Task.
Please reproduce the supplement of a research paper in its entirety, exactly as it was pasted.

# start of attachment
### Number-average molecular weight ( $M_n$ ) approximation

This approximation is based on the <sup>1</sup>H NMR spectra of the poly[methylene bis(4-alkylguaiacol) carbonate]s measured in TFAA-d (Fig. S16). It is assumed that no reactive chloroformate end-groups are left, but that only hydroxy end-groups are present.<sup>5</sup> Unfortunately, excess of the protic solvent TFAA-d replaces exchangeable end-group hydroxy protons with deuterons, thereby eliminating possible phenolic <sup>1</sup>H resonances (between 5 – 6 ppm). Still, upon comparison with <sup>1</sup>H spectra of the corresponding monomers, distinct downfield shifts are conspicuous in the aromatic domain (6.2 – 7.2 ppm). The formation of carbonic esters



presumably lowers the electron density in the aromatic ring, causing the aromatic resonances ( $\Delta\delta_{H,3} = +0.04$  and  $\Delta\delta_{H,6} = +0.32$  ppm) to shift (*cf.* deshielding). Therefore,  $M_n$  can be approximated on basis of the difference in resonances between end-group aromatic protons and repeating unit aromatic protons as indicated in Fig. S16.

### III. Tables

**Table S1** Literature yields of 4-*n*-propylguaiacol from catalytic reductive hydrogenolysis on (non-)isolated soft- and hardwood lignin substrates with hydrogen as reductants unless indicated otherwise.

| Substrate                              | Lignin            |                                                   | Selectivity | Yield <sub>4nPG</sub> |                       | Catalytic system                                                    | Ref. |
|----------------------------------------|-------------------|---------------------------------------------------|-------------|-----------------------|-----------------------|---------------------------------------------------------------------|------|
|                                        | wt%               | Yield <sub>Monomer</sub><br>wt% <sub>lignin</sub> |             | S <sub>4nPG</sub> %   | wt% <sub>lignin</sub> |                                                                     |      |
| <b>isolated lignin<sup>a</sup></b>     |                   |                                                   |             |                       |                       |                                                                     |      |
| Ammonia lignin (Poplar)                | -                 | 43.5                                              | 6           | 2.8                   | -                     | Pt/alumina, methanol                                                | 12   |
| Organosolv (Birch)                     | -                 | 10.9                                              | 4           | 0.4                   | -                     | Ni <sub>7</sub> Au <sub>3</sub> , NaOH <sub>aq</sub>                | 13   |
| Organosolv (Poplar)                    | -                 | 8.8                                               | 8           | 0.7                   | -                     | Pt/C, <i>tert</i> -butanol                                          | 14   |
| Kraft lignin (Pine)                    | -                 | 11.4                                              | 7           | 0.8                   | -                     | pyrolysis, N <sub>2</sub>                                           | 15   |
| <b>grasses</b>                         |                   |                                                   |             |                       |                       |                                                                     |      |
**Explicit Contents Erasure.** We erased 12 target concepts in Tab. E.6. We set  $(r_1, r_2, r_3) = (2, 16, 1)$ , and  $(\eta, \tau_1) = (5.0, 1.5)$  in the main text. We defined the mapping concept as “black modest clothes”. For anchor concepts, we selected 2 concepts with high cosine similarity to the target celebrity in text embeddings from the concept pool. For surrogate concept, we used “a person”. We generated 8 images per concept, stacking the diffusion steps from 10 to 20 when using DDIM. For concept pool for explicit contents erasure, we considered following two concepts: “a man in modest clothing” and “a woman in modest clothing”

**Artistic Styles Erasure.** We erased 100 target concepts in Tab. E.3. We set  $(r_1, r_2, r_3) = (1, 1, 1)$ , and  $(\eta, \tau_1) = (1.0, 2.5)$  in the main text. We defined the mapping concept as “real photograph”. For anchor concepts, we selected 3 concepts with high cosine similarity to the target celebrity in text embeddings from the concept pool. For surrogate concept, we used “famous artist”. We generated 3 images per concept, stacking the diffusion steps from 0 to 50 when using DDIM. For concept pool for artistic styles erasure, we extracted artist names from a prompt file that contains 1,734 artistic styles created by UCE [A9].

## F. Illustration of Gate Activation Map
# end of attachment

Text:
### Number-average molecular weight ( $M_n$ ) approximation

This approximation is based on the <sup>1</sup>H NMR spectra of the poly[methylene bis(4-alkylguaiacol) carbonate]s measured in TFAA-d (Fig. S16). It is assumed that no reactive chloroformate end-groups are left, but that only hydroxy end-groups are present.<sup>5</sup> Unfortunately, excess of the protic solvent TFAA-d replaces exchangeable end-group hydroxy protons with deuterons, thereby eliminating possible phenolic <sup>1</sup>H resonances (between 5 – 6 ppm). Still, upon comparison with <sup>1</sup>H spectra of the corresponding monomers, distinct downfield shifts are conspicuous in the aromatic domain (6.2 – 7.2 ppm). The formation of carbonic esters



presumably lowers the electron density in the aromatic ring, causing the aromatic resonances ( $\Delta\delta_{H,3} = +0.04$  and  $\Delta\delta_{H,6} = +0.32$  ppm) to shift (*cf.* deshielding). Therefore,  $M_n$  can be approximated on basis of the difference in resonances between end-group aromatic protons and repeating unit aromatic protons as indicated in Fig. S16.

### III. Tables

**Table S1** Literature yields of 4-*n*-propylguaiacol from catalytic reductive hydrogenolysis on (non-)isolated soft- and hardwood lignin substrates with hydrogen as reductants unless indicated otherwise.

| Substrate                              | Lignin            |                                                   | Selectivity | Yield <sub>4nPG</sub> |                       | Catalytic system                                                    | Ref. |
|----------------------------------------|-------------------|---------------------------------------------------|-------------|-----------------------|-----------------------|---------------------------------------------------------------------|------|
|                                        | wt%               | Yield <sub>Monomer</sub><br>wt% <sub>lignin</sub> |             | S <sub>4nPG</sub> %   | wt% <sub>lignin</sub> |                                                                     |      |
| <b>isolated lignin<sup>a</sup></b>     |                   |                                                   |             |                       |                       |                                                                     |      |
| Ammonia lignin (Poplar)                | -                 | 43.5                                              | 6           | 2.8                   | -                     | Pt/alumina, methanol                                                | 12   |
| Organosolv (Birch)                     | -                 | 10.9                                              | 4           | 0.4                   | -                     | Ni <sub>7</sub> Au <sub>3</sub> , NaOH <sub>aq</sub>                | 13   |
| Organosolv (Poplar)                    | -                 | 8.8                                               | 8           | 0.7                   | -                     | Pt/C, <i>tert</i> -butanol                                          | 14   |
| Kraft lignin (Pine)                    | -                 | 11.4                                              | 7           | 0.8                   | -                     | pyrolysis, N <sub>2</sub>                                           | 15   |
| <b>grasses</b>                         |                   |                                                   |             |                       |                       |                                                                     |      |
**Explicit Contents Erasure.** We erased 12 target concepts in Tab. E.6. We set  $(r_1, r_2, r_3) = (2, 16, 1)$ , and  $(\eta, \tau_1) = (5.0, 1.5)$  in the main text. We defined the mapping concept as “black modest clothes”. For anchor concepts, we selected 2 concepts with high cosine similarity to the target celebrity in text embeddings from the concept pool. For surrogate concept, we used “a person”. We generated 8 images per concept, stacking the diffusion steps from 10 to 20 when using DDIM. For concept pool for explicit contents erasure, we considered following two concepts: “a man in modest clothing” and “a woman in modest clothing”

**Artistic Styles Erasure.** We erased 100 target concepts in Tab. E.3. We set  $(r_1, r_2, r_3) = (1, 1, 1)$ , and  $(\eta, \tau_1) = (1.0, 2.5)$  in the main text. We defined the mapping concept as “real photograph”. For anchor concepts, we selected 3 concepts with high cosine similarity to the target celebrity in text embeddings from the concept pool. For surrogate concept, we used “famous artist”. We generated 3 images per concept, stacking the diffusion steps from 0 to 50 when using DDIM. For concept pool for artistic styles erasure, we extracted artist names from a prompt file that contains 1,734 artistic styles created by UCE [A9].

## F. Illustration of Gate Activation Map